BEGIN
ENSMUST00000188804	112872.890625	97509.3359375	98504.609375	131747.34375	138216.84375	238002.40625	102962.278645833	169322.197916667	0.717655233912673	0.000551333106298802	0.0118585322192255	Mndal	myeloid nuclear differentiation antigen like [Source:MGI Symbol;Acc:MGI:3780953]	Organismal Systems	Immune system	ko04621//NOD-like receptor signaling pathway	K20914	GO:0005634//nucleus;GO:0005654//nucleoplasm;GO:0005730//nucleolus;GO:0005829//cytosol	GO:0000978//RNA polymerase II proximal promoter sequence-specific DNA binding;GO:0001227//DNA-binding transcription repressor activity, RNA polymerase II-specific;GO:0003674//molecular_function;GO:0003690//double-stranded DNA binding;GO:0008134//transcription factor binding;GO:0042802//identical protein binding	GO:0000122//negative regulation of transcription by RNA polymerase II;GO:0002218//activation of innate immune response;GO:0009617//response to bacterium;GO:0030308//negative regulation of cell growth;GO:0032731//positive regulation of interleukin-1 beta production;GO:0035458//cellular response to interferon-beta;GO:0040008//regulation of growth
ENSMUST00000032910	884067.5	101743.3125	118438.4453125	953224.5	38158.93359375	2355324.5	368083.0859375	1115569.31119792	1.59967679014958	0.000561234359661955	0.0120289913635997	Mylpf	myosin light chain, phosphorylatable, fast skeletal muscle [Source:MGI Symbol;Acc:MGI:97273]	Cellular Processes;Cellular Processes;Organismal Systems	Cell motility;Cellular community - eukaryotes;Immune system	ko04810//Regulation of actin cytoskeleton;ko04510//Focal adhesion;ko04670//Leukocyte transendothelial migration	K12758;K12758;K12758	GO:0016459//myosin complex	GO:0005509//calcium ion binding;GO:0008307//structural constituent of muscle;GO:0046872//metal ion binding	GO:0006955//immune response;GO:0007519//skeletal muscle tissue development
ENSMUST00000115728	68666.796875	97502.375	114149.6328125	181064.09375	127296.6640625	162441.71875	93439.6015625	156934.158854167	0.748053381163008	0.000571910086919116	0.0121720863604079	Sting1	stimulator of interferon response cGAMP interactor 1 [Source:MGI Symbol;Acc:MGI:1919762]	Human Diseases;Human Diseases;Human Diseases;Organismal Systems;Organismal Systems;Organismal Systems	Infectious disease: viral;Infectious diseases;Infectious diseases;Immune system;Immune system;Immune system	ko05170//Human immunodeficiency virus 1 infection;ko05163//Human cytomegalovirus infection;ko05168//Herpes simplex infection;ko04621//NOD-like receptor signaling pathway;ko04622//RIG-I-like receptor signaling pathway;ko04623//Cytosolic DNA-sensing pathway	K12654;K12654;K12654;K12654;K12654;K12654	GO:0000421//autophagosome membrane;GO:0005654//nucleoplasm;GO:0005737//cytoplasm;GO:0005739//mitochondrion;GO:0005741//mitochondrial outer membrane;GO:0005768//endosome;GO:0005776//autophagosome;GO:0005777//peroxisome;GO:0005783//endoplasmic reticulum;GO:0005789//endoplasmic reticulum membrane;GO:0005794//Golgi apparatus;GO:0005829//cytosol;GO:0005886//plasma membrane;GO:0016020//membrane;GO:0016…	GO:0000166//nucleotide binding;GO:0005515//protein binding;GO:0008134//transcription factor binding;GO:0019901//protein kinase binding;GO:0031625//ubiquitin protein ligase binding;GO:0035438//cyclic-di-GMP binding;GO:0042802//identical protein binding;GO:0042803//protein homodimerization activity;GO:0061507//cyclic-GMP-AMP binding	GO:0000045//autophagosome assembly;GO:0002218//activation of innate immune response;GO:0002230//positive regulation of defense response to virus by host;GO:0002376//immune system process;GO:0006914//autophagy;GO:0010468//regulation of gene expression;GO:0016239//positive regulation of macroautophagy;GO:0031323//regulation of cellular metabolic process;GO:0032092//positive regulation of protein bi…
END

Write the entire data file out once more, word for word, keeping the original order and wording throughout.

ENSMUST00000188804	112872.890625	97509.3359375	98504.609375	131747.34375	138216.84375	238002.40625	102962.278645833	169322.197916667	0.717655233912673	0.000551333106298802	0.0118585322192255	Mndal	myeloid nuclear differentiation antigen like [Source:MGI Symbol;Acc:MGI:3780953]	Organismal Systems	Immune system	ko04621//NOD-like receptor signaling pathway	K20914	GO:0005634//nucleus;GO:0005654//nucleoplasm;GO:0005730//nucleolus;GO:0005829//cytosol	GO:0000978//RNA polymerase II proximal promoter sequence-specific DNA binding;GO:0001227//DNA-binding transcription repressor activity, RNA polymerase II-specific;GO:0003674//molecular_function;GO:0003690//double-stranded DNA binding;GO:0008134//transcription factor binding;GO:0042802//identical protein binding	GO:0000122//negative regulation of transcription by RNA polymerase II;GO:0002218//activation of innate immune response;GO:0009617//response to bacterium;GO:0030308//negative regulation of cell growth;GO:0032731//positive regulation of interleukin-1 beta production;GO:0035458//cellular response to interferon-beta;GO:0040008//regulation of growth
ENSMUST00000032910	884067.5	101743.3125	118438.4453125	953224.5	38158.93359375	2355324.5	368083.0859375	1115569.31119792	1.59967679014958	0.000561234359661955	0.0120289913635997	Mylpf	myosin light chain, phosphorylatable, fast skeletal muscle [Source:MGI Symbol;Acc:MGI:97273]	Cellular Processes;Cellular Processes;Organismal Systems	Cell motility;Cellular community - eukaryotes;Immune system	ko04810//Regulation of actin cytoskeleton;ko04510//Focal adhesion;ko04670//Leukocyte transendothelial migration	K12758;K12758;K12758	GO:0016459//myosin complex	GO:0005509//calcium ion binding;GO:0008307//structural constituent of muscle;GO:0046872//metal ion binding	GO:0006955//immune response;GO:0007519//skeletal muscle tissue development
ENSMUST00000115728	68666.796875	97502.375	114149.6328125	181064.09375	127296.6640625	162441.71875	93439.6015625	156934.158854167	0.748053381163008	0.000571910086919116	0.0121720863604079	Sting1	stimulator of interferon response cGAMP interactor 1 [Source:MGI Symbol;Acc:MGI:1919762]	Human Diseases;Human Diseases;Human Diseases;Organismal Systems;Organismal Systems;Organismal Systems	Infectious disease: viral;Infectious diseases;Infectious diseases;Immune system;Immune system;Immune system	ko05170//Human immunodeficiency virus 1 infection;ko05163//Human cytomegalovirus infection;ko05168//Herpes simplex infection;ko04621//NOD-like receptor signaling pathway;ko04622//RIG-I-like receptor signaling pathway;ko04623//Cytosolic DNA-sensing pathway	K12654;K12654;K12654;K12654;K12654;K12654	GO:0000421//autophagosome membrane;GO:0005654//nucleoplasm;GO:0005737//cytoplasm;GO:0005739//mitochondrion;GO:0005741//mitochondrial outer membrane;GO:0005768//endosome;GO:0005776//autophagosome;GO:0005777//peroxisome;GO:0005783//endoplasmic reticulum;GO:0005789//endoplasmic reticulum membrane;GO:0005794//Golgi apparatus;GO:0005829//cytosol;GO:0005886//plasma membrane;GO:0016020//membrane;GO:0016…	GO:0000166//nucleotide binding;GO:0005515//protein binding;GO:0008134//transcription factor binding;GO:0019901//protein kinase binding;GO:0031625//ubiquitin protein ligase binding;GO:0035438//cyclic-di-GMP binding;GO:0042802//identical protein binding;GO:0042803//protein homodimerization activity;GO:0061507//cyclic-GMP-AMP binding	GO:0000045//autophagosome assembly;GO:0002218//activation of innate immune response;GO:0002230//positive regulation of defense response to virus by host;GO:0002376//immune system process;GO:0006914//autophagy;GO:0010468//regulation of gene expression;GO:0016239//positive regulation of macroautophagy;GO:0031323//regulation of cellular metabolic process;GO:0032092//positive regulation of protein bi…